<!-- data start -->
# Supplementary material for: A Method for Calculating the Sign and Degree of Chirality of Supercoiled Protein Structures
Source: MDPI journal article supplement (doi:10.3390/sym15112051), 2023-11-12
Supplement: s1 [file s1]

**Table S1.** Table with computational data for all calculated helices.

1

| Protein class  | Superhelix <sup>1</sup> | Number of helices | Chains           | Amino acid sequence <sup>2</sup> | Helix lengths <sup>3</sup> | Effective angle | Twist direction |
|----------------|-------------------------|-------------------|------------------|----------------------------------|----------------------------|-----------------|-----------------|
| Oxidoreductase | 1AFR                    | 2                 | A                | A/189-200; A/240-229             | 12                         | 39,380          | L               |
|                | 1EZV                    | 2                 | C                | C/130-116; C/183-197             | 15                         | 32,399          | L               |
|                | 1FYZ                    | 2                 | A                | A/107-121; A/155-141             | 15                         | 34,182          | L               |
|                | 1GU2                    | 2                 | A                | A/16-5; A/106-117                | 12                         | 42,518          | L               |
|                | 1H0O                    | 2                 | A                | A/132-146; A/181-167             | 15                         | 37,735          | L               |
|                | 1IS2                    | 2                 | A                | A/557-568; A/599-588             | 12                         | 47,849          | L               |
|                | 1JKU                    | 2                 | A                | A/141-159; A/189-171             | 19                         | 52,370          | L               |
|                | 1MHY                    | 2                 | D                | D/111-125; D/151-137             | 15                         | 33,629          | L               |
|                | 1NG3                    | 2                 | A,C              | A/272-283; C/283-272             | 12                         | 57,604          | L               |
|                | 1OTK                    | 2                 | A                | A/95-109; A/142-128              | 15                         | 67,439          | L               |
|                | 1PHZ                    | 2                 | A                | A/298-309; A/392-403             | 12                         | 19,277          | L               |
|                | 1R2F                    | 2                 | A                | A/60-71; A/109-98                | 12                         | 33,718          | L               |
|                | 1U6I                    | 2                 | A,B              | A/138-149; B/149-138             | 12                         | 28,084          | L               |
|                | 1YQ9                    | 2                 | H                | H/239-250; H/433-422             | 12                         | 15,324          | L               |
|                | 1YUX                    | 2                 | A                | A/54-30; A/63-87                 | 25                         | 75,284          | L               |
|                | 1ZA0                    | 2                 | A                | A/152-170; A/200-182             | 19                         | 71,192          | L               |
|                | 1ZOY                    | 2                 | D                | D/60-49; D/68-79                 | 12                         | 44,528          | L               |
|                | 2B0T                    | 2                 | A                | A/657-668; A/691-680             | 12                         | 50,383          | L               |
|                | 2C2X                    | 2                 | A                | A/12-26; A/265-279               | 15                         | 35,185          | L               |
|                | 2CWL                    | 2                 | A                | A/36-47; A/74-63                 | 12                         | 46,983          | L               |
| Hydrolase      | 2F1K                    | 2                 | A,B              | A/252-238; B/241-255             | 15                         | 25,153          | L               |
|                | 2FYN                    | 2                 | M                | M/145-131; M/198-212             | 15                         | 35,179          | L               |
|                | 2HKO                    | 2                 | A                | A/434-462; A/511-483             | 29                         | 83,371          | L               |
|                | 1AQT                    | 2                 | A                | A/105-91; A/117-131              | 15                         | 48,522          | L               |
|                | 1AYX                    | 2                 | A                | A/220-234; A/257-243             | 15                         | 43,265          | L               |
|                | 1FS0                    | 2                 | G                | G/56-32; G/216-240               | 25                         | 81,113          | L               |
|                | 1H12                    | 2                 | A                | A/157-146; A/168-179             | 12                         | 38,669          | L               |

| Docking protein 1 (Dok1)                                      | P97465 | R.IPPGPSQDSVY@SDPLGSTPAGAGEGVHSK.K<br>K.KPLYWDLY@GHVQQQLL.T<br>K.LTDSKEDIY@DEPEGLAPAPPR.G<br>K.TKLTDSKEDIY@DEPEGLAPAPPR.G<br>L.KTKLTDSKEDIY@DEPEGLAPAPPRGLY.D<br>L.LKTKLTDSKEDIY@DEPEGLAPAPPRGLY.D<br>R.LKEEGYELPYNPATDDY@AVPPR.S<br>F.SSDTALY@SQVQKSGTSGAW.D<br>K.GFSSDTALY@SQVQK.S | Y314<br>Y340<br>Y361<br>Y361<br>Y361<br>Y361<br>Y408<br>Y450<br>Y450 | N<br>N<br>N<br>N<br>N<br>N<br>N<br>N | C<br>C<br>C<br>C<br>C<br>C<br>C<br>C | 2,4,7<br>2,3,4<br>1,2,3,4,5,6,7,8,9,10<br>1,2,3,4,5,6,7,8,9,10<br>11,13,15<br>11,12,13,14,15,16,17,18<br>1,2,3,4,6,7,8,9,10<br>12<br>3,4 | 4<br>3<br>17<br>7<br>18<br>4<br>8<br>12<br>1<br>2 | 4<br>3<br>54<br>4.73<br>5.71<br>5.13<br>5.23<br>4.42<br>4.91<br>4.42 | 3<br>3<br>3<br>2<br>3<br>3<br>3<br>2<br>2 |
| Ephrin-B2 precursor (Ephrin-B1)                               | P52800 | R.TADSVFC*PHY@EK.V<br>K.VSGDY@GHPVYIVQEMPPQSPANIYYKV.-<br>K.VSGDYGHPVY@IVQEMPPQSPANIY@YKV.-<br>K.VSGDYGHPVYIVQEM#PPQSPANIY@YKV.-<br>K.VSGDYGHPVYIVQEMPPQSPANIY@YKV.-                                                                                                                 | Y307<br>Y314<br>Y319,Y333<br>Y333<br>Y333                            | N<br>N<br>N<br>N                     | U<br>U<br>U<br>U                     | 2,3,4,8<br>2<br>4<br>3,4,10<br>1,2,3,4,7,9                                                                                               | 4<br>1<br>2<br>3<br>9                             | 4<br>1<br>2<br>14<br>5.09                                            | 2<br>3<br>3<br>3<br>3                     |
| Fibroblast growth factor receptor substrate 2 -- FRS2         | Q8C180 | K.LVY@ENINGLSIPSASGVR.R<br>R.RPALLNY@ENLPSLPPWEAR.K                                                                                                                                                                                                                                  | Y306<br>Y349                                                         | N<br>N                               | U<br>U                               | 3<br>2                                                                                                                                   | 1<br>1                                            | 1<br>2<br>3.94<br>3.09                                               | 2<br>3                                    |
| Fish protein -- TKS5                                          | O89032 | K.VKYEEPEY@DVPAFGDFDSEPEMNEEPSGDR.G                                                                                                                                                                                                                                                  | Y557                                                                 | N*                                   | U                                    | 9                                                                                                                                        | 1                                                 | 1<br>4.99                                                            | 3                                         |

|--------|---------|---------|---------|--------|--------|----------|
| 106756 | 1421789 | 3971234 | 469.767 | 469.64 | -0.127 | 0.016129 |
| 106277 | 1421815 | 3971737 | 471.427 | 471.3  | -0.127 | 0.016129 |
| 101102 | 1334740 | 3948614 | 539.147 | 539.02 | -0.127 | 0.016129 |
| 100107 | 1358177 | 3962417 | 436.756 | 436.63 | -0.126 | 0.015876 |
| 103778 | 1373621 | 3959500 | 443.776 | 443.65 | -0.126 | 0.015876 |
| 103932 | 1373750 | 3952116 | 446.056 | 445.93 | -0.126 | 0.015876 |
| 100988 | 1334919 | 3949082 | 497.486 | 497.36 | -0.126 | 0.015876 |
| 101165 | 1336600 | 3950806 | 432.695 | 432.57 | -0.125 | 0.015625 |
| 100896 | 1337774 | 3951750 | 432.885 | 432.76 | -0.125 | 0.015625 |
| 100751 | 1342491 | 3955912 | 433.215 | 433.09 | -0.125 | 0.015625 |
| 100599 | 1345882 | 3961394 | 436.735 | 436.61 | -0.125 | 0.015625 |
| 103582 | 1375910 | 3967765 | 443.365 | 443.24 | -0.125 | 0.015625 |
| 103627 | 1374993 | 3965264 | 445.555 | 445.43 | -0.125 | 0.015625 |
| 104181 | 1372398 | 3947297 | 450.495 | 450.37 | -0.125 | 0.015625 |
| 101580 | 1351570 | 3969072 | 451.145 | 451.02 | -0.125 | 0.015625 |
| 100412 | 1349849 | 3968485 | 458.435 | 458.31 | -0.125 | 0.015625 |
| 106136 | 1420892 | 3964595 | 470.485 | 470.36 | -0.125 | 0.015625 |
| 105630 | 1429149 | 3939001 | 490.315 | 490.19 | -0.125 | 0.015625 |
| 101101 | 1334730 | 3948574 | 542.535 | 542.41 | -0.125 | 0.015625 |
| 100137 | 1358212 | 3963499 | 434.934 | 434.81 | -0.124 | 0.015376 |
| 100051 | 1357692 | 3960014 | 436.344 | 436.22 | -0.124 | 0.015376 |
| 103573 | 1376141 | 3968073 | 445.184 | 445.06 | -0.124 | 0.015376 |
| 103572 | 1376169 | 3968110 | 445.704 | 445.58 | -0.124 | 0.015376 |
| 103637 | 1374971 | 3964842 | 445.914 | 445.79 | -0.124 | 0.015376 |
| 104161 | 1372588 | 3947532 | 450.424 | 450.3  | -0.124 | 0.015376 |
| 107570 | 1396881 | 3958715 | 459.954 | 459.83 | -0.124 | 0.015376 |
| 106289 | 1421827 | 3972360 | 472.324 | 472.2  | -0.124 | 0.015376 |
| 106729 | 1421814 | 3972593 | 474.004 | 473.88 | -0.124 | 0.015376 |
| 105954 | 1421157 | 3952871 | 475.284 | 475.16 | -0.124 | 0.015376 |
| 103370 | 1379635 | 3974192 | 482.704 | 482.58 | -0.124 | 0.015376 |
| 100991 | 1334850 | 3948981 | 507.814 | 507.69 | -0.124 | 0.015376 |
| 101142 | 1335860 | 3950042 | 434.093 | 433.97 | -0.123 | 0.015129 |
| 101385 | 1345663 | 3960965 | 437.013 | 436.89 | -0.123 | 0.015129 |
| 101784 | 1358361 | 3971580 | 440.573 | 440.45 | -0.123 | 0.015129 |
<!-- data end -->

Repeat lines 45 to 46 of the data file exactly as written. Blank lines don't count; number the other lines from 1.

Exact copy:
| 103932 | 1373750 | 3952116 | 446.056 | 445.93 | -0.126 | 0.015876 |
| 100988 | 1334919 | 3949082 | 497.486 | 497.36 | -0.126 | 0.015876 |